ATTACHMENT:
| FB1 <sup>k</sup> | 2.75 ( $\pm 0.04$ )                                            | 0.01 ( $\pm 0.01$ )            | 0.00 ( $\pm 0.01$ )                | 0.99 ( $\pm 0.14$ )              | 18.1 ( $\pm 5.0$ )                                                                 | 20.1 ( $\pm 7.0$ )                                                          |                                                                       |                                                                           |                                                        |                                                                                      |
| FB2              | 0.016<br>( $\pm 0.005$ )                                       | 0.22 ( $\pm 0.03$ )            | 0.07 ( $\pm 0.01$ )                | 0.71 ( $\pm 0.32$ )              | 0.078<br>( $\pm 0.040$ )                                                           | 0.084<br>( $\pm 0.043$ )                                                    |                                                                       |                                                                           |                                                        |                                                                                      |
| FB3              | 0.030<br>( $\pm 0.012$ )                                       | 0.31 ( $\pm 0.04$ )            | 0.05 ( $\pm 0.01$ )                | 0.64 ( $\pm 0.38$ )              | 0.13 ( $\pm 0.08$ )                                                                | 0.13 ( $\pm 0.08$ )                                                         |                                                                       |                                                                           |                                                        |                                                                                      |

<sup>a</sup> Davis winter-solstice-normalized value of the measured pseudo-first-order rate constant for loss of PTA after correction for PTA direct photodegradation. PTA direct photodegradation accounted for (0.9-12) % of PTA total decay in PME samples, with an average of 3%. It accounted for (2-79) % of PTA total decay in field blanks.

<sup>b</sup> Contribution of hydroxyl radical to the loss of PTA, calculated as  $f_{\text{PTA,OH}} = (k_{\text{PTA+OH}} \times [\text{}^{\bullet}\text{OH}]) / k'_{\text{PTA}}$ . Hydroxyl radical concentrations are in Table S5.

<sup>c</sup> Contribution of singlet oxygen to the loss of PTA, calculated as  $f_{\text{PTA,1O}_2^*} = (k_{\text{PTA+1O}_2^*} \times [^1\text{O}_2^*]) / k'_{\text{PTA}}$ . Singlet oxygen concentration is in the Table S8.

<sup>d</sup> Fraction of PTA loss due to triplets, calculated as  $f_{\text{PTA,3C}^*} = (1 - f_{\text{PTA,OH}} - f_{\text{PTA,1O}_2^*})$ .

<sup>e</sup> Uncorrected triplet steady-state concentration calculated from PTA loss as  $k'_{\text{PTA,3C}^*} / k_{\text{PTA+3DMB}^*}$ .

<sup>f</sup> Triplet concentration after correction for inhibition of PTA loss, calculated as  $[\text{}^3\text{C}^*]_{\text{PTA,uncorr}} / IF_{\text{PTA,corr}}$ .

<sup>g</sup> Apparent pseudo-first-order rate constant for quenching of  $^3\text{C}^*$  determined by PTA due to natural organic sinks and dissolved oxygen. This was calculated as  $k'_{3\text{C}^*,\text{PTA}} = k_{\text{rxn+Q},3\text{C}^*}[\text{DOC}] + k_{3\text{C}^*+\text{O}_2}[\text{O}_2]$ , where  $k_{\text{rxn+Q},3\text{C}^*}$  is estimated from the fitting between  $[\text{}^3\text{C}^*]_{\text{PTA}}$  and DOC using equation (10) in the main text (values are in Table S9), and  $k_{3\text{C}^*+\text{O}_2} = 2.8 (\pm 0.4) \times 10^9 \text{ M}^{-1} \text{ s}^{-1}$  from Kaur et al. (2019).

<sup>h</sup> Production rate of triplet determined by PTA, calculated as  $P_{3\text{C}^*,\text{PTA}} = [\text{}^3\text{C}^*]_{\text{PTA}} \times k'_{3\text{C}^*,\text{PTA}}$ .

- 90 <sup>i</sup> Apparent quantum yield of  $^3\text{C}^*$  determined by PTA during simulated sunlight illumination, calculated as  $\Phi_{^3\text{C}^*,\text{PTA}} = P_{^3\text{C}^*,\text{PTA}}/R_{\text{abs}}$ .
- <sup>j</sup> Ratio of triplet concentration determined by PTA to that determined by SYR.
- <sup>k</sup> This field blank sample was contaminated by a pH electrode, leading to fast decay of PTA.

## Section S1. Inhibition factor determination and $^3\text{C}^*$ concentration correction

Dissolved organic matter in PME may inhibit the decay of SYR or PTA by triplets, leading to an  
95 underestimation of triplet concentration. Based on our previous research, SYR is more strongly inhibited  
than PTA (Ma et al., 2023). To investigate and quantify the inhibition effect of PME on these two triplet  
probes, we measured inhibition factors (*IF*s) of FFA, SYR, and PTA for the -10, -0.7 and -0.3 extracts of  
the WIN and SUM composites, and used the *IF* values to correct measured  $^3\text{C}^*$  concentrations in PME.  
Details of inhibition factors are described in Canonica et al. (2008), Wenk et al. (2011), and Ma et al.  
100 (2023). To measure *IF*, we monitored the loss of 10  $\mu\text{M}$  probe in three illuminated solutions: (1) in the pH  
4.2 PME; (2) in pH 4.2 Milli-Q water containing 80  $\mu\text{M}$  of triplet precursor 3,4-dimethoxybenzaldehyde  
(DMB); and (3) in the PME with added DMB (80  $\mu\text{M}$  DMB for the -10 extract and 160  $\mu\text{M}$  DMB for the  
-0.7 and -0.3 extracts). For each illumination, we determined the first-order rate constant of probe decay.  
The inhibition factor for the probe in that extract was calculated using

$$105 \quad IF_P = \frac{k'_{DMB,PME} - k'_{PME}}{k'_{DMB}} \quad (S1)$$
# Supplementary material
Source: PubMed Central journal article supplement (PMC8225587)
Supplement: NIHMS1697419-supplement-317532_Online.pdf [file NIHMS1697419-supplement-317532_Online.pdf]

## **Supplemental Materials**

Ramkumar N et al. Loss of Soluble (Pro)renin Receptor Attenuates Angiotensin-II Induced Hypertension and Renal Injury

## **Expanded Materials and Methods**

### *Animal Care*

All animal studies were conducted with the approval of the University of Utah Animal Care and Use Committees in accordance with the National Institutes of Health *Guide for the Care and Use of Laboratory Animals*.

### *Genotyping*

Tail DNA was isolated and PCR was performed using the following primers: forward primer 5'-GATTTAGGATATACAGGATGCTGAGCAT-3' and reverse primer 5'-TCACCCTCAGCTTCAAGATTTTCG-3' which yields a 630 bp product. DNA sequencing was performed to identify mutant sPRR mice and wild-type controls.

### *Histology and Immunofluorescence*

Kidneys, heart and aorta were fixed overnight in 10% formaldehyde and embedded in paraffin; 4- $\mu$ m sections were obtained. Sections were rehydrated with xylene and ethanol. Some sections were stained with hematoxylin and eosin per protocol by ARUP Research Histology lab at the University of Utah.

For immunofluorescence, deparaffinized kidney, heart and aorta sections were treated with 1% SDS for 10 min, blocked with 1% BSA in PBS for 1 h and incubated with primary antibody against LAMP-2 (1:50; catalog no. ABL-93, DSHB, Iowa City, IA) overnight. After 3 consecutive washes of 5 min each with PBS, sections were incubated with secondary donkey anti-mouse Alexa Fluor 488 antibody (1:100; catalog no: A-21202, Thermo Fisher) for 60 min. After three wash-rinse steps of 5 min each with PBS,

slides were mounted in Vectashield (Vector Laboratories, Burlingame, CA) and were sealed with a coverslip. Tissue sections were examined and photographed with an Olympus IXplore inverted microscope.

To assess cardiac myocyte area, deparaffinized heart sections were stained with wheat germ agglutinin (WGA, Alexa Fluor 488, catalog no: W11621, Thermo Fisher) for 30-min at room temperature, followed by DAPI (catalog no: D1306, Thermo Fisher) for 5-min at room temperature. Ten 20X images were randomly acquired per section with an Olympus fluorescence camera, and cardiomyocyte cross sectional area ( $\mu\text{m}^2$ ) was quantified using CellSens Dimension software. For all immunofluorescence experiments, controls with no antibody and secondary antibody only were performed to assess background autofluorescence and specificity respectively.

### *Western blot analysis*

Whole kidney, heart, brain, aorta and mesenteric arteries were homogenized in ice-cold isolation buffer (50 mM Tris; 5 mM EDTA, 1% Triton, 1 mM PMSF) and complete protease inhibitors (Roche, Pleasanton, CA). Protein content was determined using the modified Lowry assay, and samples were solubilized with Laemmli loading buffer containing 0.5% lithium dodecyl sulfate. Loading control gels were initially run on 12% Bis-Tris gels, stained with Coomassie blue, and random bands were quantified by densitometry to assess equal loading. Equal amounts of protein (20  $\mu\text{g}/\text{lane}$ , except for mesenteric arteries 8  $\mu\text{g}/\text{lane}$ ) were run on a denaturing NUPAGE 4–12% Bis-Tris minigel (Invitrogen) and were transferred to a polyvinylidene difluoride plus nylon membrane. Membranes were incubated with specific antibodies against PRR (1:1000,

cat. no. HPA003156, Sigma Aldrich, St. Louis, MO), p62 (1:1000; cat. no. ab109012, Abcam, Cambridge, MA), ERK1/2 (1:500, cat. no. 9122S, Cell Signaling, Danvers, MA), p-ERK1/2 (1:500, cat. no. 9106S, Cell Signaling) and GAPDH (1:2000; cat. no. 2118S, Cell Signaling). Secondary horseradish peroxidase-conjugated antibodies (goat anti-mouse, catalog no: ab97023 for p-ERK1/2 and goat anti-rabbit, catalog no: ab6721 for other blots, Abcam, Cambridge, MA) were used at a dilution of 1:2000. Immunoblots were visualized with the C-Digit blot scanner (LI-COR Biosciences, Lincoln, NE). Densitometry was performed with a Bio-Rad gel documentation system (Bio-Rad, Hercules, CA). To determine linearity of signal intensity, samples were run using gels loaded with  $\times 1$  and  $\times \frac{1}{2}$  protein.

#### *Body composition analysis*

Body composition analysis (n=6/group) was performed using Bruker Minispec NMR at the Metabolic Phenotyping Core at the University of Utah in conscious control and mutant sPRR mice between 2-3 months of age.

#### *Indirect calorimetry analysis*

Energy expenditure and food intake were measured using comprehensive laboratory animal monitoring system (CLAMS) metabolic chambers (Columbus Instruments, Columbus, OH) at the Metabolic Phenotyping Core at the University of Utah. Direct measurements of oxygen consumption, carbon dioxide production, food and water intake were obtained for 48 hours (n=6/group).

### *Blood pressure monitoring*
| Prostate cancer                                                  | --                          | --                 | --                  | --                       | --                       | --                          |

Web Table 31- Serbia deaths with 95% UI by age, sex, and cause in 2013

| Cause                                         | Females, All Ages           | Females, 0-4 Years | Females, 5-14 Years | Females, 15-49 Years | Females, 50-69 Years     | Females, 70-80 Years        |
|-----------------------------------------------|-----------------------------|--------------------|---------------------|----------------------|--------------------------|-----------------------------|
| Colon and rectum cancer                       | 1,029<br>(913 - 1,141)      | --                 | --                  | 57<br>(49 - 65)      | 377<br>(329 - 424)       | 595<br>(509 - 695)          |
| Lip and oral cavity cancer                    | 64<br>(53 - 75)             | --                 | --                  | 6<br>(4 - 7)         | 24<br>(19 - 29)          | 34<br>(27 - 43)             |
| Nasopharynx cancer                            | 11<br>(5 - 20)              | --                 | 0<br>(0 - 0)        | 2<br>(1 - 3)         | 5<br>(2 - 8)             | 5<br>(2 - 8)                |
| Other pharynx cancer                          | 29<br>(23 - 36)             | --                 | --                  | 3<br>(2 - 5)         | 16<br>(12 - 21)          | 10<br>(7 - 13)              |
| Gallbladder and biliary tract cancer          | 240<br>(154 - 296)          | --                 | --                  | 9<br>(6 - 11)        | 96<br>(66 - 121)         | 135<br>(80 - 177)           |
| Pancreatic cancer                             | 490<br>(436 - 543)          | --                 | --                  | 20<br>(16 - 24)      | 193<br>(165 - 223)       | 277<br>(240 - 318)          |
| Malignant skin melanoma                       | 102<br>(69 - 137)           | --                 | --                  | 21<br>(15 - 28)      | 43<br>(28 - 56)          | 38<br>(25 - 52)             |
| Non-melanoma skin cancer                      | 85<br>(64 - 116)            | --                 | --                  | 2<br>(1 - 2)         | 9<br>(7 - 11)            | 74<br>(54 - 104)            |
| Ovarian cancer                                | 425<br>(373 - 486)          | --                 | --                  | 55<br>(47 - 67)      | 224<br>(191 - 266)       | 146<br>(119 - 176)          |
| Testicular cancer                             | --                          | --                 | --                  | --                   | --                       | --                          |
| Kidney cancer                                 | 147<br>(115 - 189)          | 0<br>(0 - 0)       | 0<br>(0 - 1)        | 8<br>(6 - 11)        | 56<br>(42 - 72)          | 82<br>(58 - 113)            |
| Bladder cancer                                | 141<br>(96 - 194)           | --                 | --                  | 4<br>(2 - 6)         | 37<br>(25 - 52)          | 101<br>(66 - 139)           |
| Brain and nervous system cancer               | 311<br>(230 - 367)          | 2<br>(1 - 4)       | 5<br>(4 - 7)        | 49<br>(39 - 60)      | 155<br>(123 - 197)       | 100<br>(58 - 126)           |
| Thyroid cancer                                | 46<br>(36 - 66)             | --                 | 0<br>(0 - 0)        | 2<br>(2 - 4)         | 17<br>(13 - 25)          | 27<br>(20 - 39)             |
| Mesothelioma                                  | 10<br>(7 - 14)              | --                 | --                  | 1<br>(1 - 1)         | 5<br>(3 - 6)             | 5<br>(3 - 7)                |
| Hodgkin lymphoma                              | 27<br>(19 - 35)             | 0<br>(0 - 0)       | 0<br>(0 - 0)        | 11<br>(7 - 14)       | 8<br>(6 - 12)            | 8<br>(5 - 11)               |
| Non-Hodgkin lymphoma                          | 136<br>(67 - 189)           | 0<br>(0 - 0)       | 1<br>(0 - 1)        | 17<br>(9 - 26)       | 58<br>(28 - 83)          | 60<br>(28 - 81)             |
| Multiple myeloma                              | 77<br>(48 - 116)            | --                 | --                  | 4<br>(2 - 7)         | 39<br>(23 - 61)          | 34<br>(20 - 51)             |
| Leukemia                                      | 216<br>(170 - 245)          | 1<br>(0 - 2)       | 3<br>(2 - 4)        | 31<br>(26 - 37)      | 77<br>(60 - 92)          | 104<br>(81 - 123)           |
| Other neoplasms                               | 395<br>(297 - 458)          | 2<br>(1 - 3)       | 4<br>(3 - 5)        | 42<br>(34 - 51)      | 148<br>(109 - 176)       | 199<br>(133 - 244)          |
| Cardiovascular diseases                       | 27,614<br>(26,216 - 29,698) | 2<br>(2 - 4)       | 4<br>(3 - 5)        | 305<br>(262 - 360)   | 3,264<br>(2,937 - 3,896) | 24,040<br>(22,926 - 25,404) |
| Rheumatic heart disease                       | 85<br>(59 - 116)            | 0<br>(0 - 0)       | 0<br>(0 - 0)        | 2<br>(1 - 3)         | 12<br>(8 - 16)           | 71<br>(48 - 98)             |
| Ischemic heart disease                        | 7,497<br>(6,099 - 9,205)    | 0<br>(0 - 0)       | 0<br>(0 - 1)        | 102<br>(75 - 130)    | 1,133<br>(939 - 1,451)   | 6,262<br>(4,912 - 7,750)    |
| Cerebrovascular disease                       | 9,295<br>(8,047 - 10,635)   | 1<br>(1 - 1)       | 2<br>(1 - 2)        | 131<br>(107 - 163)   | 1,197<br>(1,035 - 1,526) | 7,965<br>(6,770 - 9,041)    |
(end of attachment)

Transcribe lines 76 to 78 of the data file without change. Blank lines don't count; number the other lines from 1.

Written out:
| Rheumatic heart disease                       | 85<br>(59 - 116)            | 0<br>(0 - 0)       | 0<br>(0 - 0)        | 2<br>(1 - 3)         | 12<br>(8 - 16)           | 71<br>(48 - 98)             |
| Ischemic heart disease                        | 7,497<br>(6,099 - 9,205)    | 0<br>(0 - 0)       | 0<br>(0 - 1)        | 102<br>(75 - 130)    | 1,133<br>(939 - 1,451)   | 6,262<br>(4,912 - 7,750)    |
| Cerebrovascular disease                       | 9,295<br>(8,047 - 10,635)   | 1<br>(1 - 1)       | 2<br>(1 - 2)        | 131<br>(107 - 163)   | 1,197<br>(1,035 - 1,526) | 7,965<br>(6,770 - 9,041)    |